Extracts from photo-journals [2, 3] & other observations
Mating strategy in the female spider Araneus quadratus
“At fence post 22 on 16thAugust 2010, I was lucky enough to witness and photograph the courtship and mating of Araneus quadratus, an orb web spider, in our 1-metre high hedge.” Spiders reconstruct their webs during the night. “An early morning photograph illuminated by a torch, showing the previous night’s work. The prey catching web of an orb web spider is amazingly intricate. It was much more complex than her courtship web, which looked as if it had been thrown together in a hurry! There are strong frame threads and radial threads, after which the spider lays down a temporary auxiliary spiral which she takes down as she constructs the sticky prey- catching spiral. This ends before the central hub, leaving a free zone.”
The first pollen of the year for the Bombus Terrestris March 5th 2010
“She descended like a helicopter, feet first into a large, purple crocus flower and disappeared completely. Apart from a faint tremor of the petals you would have been unaware she was there if you hadn’t actually seen her go in. Some 5-10 s later she emerged head first over the threshold, liberally powdered with pollen and crawled out like a drunk, narcotised by the first decent meal of the year.”
Moulting in a Speckled Bush Cricket nymph, August 8th 2009
“She sat with her right hind leg extended and braced against the leaf below with the left leg flexed and acting as a counterbalance. The forelegs grasped the shroud and the two mid legs were used as stabilisers. The external mouthparts, mandibles and palps were clearly visible and this time I could see the mouthparts moving. She had chosen a perfect day on which to perform her ecdysis. She and her other self were poised like ballet dancers caught in the spotlight of the sun, casting surreal shadows on the scabious leaf below. At the end of 16 minutes all that remained was a pair of tibia, still hooked by their tarsi to a trefoil leaf above. Presumably she must have mentally calculated that the nutritional gain from climbing up and unhooking them was hardly worth the effort.”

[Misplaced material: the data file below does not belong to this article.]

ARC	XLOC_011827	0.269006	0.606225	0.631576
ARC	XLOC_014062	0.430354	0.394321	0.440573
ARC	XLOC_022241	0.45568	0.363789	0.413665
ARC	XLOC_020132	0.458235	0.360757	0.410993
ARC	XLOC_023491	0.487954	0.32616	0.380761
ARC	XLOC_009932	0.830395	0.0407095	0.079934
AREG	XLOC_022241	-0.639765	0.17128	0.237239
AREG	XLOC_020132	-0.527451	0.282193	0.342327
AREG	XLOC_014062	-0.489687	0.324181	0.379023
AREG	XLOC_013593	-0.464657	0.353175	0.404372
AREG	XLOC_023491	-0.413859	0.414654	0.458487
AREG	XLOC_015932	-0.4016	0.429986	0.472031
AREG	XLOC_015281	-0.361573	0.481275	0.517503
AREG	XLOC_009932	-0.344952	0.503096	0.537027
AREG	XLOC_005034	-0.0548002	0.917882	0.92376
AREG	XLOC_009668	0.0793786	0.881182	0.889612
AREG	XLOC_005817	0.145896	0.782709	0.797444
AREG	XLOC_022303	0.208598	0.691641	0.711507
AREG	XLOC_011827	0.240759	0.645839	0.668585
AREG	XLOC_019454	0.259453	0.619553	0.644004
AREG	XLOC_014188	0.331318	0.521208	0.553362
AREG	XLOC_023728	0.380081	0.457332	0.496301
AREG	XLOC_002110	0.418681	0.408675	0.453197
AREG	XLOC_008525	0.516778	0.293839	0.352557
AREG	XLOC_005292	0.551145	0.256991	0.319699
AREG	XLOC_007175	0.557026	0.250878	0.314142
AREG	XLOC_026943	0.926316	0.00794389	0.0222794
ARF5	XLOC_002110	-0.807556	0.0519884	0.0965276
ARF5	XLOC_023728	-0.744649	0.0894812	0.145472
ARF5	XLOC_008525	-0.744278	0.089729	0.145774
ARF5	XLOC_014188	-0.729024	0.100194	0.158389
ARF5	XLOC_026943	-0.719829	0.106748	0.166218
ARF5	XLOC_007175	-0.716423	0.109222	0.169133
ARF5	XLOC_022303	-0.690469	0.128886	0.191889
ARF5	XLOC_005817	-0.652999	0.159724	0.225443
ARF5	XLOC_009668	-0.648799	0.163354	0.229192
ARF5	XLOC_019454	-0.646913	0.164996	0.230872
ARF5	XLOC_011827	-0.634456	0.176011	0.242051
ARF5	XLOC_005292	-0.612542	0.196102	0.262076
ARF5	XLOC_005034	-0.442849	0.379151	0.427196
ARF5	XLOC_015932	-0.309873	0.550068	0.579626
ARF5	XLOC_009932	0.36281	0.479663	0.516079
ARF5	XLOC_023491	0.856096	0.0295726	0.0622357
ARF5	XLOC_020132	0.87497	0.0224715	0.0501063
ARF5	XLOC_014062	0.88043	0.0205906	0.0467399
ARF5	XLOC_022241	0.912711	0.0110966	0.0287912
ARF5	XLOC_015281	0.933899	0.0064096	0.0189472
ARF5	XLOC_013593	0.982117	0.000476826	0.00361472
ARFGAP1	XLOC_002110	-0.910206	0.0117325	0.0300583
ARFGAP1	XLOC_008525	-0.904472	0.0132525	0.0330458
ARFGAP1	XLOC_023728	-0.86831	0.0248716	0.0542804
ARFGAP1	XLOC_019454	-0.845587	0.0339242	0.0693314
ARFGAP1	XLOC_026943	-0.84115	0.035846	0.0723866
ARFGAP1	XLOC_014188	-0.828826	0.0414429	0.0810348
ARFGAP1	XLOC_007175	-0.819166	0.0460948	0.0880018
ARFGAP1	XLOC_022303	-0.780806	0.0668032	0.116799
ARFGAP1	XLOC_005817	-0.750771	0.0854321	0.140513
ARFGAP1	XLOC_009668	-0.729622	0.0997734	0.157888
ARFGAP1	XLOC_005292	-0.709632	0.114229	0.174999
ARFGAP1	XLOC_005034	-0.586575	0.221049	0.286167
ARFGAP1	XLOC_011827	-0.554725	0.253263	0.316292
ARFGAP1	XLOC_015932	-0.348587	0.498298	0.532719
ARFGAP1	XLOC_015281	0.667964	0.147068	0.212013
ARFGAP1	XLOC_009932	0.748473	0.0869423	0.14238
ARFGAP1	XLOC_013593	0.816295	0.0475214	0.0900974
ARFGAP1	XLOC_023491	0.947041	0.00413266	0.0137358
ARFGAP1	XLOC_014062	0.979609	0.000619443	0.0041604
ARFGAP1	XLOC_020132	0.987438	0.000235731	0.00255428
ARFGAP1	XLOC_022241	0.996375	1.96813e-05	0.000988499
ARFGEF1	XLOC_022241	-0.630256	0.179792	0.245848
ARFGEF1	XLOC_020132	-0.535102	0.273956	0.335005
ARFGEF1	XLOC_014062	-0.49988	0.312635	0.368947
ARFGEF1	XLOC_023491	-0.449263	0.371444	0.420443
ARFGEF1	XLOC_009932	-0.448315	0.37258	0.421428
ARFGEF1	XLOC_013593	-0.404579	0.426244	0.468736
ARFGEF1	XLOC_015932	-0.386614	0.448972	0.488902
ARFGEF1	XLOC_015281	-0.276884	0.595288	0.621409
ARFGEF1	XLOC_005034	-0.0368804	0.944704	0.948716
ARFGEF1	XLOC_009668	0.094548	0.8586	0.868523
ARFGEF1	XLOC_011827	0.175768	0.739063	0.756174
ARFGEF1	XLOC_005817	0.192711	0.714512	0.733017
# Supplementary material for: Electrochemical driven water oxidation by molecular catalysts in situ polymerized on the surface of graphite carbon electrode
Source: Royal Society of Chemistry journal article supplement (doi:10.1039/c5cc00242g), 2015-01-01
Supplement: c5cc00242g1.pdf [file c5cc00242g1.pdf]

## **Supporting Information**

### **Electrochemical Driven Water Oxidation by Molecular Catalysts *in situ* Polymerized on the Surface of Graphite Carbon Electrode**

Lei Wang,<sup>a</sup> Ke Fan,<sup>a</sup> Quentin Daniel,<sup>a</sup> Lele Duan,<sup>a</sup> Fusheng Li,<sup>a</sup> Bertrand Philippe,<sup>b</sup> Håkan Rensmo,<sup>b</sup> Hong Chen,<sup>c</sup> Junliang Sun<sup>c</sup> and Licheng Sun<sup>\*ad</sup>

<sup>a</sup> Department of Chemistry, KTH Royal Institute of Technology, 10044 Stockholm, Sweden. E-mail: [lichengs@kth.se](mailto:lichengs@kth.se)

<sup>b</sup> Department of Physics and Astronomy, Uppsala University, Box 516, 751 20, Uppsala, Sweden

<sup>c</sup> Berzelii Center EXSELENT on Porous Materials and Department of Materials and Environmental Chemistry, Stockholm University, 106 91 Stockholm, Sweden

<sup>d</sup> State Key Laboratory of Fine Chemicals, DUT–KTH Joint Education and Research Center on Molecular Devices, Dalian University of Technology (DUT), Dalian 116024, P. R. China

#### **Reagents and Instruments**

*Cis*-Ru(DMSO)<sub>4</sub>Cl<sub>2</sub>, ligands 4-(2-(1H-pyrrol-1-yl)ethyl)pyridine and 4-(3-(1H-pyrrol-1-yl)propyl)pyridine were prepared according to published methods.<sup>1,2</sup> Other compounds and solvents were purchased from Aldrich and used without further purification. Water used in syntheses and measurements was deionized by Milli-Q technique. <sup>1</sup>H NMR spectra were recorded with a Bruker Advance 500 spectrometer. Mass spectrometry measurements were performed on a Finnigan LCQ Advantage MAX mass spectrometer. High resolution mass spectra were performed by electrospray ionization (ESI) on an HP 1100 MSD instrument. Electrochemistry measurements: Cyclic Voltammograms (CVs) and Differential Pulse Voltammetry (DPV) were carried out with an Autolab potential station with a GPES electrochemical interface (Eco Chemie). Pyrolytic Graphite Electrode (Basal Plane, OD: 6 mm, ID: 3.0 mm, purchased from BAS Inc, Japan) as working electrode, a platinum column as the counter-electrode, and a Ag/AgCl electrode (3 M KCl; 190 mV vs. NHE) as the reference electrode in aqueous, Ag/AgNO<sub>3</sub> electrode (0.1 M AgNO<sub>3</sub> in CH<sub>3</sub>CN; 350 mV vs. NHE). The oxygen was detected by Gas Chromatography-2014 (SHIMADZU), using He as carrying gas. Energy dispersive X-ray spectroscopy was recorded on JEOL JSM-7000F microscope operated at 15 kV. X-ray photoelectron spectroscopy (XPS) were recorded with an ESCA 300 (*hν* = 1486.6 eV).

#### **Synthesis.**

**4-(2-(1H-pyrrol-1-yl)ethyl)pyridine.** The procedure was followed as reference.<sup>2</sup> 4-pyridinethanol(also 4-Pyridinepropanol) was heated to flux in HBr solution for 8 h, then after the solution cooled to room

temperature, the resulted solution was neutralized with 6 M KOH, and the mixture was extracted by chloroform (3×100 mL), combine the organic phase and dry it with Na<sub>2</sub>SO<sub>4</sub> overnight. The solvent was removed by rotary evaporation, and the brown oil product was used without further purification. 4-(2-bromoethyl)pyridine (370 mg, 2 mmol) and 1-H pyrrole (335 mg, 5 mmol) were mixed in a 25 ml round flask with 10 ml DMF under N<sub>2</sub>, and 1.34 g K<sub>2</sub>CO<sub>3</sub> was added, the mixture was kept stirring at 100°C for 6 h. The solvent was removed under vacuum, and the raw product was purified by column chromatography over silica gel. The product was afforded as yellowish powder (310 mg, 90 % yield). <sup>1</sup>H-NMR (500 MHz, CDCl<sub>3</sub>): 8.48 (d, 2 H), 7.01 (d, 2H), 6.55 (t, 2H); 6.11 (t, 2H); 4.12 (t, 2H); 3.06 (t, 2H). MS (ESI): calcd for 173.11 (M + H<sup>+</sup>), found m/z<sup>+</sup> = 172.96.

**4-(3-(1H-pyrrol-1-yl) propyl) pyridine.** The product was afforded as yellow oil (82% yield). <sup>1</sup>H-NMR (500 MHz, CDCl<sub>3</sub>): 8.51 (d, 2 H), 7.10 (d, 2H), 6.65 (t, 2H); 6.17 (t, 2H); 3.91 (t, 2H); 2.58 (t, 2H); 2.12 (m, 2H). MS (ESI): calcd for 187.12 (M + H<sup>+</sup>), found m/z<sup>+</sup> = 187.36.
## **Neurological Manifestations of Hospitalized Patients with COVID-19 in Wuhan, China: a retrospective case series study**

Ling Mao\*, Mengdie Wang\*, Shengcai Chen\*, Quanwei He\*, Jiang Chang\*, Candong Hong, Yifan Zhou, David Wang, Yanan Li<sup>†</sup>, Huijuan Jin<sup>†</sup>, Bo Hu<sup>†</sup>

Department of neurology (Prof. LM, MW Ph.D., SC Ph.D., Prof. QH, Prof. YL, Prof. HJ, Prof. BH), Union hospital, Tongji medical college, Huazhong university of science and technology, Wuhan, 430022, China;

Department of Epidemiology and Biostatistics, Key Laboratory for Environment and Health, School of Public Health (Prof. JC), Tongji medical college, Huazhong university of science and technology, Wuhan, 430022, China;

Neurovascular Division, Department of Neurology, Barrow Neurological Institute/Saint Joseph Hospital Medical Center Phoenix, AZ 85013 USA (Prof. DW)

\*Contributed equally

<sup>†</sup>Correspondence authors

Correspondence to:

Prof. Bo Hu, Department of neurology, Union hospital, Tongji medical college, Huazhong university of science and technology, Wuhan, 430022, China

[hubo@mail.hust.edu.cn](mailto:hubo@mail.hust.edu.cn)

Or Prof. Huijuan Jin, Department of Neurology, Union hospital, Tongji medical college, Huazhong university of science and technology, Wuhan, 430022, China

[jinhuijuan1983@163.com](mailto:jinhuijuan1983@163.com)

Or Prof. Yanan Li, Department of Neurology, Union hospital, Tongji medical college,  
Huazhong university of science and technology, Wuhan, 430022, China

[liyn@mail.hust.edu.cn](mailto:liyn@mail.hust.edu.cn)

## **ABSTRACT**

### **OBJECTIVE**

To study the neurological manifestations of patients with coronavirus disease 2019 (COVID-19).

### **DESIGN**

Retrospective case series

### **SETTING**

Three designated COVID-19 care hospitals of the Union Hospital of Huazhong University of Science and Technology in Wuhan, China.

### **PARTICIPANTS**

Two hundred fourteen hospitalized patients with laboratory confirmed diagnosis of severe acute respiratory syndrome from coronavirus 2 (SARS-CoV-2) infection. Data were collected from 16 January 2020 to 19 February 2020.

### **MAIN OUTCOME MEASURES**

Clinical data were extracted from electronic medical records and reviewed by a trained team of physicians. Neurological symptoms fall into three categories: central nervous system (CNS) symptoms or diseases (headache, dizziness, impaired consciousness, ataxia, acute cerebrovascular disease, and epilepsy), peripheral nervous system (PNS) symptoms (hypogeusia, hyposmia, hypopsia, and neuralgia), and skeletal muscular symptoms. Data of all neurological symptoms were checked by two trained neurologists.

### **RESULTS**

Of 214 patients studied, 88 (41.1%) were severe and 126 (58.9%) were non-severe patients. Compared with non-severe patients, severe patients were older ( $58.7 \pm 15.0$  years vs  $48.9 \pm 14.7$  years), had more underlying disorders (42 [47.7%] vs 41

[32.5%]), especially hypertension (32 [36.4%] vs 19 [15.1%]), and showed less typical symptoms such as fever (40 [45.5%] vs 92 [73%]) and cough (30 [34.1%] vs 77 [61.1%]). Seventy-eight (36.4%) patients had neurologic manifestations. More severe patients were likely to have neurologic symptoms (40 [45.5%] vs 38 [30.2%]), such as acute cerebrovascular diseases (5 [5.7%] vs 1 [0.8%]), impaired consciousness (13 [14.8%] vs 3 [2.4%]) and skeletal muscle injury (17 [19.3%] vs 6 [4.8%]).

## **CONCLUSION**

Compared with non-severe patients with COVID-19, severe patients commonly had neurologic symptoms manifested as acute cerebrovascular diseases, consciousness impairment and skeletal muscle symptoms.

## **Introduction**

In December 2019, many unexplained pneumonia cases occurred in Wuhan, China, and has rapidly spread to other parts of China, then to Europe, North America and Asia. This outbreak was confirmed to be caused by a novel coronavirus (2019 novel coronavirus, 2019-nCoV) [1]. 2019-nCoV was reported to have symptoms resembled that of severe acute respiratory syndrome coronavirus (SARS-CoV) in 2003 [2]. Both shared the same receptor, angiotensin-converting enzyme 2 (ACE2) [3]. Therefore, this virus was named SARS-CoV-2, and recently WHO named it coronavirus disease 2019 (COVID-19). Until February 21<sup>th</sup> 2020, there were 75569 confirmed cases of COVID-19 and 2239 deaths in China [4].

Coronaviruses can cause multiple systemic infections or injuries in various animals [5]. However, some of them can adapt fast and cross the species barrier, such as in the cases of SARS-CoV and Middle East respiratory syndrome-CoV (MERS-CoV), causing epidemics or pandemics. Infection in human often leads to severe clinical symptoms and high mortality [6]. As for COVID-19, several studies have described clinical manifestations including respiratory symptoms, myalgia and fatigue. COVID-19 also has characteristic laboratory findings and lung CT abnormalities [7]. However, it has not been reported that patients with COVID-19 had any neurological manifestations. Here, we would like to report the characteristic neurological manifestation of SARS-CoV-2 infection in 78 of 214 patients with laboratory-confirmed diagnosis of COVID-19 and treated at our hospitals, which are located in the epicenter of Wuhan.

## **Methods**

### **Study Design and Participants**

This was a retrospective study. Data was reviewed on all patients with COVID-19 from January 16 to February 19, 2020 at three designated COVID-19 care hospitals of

The Ladybird Ball
For two weeks in April 2010 we studied 7-spot ladybirds. They are remarkable predators and natural pest removers! They steadily graze their way through aphids and mildew spores. We made counts three times a day; morning, afternoon and evening. During those periods they migrated from positions in the field during the day and usually gathered on shrubs in the western hedge in the early evening sunshine; field maple, hawthorn, blackthorn, hornbeam and hazel. Here they fed, rested and mated. Although they meet by accident, the factors that govern their behaviour (they are attracted by light and move against the force of gravity) meant that they climb upwards and are drawn to the same places. In those 2 weeks we counted 348 ladybirds.
Three plant species that supported the insects
|August 5th 2009: Male speckled bush cricket nymph on devil’s bit scabious leaf; ‘proof of grazing’.||July 7th 2010: ‘The Teasels grew and grew, like Jack’s beanstalk, and had to be staked up against the July gales!’ Teasels were the favourite flower of the new bumblebee queens. They were used for both feeding and roosting.||August 18th 2010: Bombus terrestris, buff-tailed bumblebee, has a short tongue which cannot reach the inside of the bell-shaped flowers of the Comfrey. She solves the problem of a short tongue by ‘stealing’ it. The short tongue penetrates the base of the flower.|